Times exist when we will be greatly loved by being made uncomfortable. Physically speaking for example, my cardio-thoracic surgeon made me quite uncomfortable consequent of splitting me open like an oyster, stopping my heart, and replacing my ascending aorta. However, it was loving of him to do so because he saved my life. Spiritually speaking, for example, it may be uncomfortable for unregenerate be told that they must turn from their sin and embrace Christ as Lord and Savior for reconciliation to God. However, it is extremely loving to do so because, should they heed the counsel, God’s word assures that they will be forever spared eternity in the unbearable torments of hell (cf. Rom. 5:9). For believers, we are commanded to, at times, lovingly discomfort one another so that we would do things like turn from sin (e.g. Matt. 18:15-17) and progress in performing love and good deeds (e.g. Heb. 10:24).
If it is unloving to make another uncomfortable, then Jesus failed to love. He made, and continues to make, countless individuals uncomfortable in various ways. For example, he commands us to the frequent discomfort of living by things unseen and unfelt instead of the felt and seen (2 Cor. 5:7). He commands the discomfort of denying ourselves, taking up our cross, and following him (Luke 9:23). However, for those who love him, every instance of discomfort will work for good (Rom. 8:28). And blessed are all those who walk in his ways, no matter how uncomfortable (cf. Ps. 128:1-2). Additionally, should individuals respond in repentance and obedience to the discomfort of his commands to repent, they will be made eternally and infinitely comfortable (e.g. Rev. 21:1-7). Christianity’s ethic is higher than comfort, though comfort is assured in the end.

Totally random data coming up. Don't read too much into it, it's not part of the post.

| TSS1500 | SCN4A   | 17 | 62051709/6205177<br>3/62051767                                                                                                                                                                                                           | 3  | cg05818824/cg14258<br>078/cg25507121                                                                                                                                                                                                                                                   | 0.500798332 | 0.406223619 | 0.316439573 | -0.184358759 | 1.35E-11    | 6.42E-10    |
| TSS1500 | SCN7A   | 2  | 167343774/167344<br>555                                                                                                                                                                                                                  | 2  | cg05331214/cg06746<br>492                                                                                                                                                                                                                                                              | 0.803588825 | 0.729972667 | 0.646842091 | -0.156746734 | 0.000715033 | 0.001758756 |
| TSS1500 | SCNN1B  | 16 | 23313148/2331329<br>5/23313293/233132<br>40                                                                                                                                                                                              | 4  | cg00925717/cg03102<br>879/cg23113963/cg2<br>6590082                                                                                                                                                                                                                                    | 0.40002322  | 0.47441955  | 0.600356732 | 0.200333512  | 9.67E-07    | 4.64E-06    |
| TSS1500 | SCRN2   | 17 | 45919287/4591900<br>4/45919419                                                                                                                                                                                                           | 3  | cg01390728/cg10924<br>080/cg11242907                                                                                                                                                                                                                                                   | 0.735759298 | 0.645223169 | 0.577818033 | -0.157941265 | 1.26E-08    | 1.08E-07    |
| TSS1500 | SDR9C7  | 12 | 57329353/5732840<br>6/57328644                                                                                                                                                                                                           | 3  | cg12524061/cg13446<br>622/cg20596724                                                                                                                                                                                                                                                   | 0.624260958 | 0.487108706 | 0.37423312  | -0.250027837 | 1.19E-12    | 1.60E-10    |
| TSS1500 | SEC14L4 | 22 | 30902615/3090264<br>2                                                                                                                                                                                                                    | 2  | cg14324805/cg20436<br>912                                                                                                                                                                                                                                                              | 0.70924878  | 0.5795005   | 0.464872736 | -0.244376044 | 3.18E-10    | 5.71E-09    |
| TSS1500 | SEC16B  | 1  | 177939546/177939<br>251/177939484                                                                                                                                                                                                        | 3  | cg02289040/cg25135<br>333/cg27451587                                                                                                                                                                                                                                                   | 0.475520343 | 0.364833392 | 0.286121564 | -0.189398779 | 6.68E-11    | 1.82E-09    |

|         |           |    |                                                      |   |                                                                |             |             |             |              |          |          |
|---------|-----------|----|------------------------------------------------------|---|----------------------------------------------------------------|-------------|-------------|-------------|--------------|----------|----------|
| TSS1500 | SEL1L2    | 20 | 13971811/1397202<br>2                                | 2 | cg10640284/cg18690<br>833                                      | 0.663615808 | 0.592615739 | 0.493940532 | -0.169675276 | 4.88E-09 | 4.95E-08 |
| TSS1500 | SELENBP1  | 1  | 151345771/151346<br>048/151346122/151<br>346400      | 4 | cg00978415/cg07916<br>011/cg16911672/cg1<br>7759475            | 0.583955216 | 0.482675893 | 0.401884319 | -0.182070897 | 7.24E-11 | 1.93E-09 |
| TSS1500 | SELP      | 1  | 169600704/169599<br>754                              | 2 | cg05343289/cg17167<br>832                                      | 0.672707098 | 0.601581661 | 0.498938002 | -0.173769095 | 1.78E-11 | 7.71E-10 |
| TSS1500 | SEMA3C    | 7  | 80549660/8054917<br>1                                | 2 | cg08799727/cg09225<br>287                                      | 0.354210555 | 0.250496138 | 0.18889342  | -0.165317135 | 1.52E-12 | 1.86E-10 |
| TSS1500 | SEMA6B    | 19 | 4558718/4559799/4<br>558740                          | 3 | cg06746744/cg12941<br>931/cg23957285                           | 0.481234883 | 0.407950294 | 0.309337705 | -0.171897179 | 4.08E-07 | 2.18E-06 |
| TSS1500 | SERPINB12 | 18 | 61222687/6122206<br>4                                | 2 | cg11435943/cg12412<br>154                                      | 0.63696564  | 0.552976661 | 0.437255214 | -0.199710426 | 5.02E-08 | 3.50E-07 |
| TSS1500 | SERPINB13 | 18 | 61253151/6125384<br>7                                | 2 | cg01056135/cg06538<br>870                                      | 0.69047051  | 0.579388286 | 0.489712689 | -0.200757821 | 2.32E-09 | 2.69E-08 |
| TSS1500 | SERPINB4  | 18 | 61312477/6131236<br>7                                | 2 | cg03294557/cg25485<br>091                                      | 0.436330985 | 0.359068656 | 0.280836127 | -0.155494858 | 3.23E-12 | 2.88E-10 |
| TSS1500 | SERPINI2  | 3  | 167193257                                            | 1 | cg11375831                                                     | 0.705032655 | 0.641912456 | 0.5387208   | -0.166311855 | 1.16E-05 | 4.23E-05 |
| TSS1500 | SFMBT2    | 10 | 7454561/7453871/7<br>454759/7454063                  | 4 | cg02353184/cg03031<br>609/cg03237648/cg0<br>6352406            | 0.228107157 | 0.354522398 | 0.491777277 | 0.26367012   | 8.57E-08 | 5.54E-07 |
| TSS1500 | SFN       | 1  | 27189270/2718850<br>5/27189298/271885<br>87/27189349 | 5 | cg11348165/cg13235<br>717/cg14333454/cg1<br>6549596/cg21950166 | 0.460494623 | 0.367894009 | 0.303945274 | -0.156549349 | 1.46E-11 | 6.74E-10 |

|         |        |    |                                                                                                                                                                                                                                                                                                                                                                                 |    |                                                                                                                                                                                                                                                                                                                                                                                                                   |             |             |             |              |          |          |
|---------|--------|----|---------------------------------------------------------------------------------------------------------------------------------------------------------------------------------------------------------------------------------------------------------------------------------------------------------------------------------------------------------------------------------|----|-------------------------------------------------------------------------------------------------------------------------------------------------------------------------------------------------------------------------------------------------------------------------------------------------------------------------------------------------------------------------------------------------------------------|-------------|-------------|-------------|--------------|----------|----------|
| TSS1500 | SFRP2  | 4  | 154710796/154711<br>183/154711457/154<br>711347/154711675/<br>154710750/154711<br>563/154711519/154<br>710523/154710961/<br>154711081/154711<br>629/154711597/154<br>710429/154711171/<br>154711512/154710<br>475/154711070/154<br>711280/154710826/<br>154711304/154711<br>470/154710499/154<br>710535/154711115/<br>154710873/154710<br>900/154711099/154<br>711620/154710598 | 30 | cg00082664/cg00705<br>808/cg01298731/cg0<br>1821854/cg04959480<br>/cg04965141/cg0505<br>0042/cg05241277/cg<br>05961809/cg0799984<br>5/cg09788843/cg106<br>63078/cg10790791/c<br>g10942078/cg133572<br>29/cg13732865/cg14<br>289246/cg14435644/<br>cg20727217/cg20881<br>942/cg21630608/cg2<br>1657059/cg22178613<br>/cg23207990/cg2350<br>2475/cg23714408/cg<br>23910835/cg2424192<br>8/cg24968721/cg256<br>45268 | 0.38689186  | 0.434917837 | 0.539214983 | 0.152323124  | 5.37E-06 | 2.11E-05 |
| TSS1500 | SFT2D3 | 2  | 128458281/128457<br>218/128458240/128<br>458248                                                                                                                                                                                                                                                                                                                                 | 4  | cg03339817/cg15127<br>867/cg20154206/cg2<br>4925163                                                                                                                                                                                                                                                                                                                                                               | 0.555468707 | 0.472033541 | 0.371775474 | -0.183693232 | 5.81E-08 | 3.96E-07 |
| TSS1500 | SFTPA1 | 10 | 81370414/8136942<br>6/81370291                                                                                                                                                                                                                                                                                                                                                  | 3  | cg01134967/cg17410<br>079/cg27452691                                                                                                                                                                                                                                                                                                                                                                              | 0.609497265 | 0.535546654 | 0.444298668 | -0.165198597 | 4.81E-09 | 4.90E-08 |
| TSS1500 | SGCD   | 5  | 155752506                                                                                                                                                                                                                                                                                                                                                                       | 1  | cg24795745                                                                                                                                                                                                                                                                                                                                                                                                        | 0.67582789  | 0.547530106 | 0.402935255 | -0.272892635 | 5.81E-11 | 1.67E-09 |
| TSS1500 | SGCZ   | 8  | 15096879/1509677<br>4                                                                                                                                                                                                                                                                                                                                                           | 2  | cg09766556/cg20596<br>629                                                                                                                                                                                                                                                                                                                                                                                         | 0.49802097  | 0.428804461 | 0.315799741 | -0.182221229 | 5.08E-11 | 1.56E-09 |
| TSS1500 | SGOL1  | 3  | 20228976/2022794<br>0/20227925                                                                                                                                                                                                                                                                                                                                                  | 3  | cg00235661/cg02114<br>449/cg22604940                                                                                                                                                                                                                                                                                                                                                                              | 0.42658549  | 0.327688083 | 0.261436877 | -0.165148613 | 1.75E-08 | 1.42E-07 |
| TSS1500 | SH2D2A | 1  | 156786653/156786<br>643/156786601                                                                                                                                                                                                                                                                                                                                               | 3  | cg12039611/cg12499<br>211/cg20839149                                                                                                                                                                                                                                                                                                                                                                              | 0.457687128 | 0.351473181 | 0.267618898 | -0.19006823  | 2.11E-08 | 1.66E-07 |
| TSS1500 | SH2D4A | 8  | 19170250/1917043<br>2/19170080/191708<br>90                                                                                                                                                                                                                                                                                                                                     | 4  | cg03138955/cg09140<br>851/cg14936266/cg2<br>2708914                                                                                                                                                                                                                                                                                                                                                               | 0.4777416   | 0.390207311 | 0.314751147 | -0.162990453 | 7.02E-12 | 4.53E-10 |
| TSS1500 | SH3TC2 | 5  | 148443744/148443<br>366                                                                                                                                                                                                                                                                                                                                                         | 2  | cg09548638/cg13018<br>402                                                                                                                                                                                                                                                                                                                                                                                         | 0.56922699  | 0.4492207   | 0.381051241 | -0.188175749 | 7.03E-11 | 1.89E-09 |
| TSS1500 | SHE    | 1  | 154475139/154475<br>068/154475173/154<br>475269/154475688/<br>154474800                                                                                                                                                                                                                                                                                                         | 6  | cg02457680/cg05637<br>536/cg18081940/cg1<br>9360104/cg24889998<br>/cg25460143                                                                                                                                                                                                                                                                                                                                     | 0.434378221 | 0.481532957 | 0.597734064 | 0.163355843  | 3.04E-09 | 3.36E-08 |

Myth #4: Not letting me be me is unloving.
“If you were loving, you would accept me for who I am/God created me to be. Why can’t you just let me be me? What happened to unconditional love?”
Those who insist that love lets me be me maintain a deeper error than misdefining love. The error pertains to the individual’s understanding of themselves. At least in those moments where the unloving penalty flag is thrown, the assumption is that I am not in need of change because I am the standard. Though not spoken, perhaps, the individual operates as the Absolute by which others are to be measured. “You must let me be me because I am the human prototype. If love is you letting me be me, then my definition of love is when you join me in affirming me as that prototype.” Love is you joining me in worshiping me as a god.
However, you must only let me be me if God says that the thing about me is not in need of transformation. Insisting otherwise is to place myself in a seat superior to God. It is, in effect, to disapprove of God being God, and insist that, while he must let me be me, he is not permitted to be him.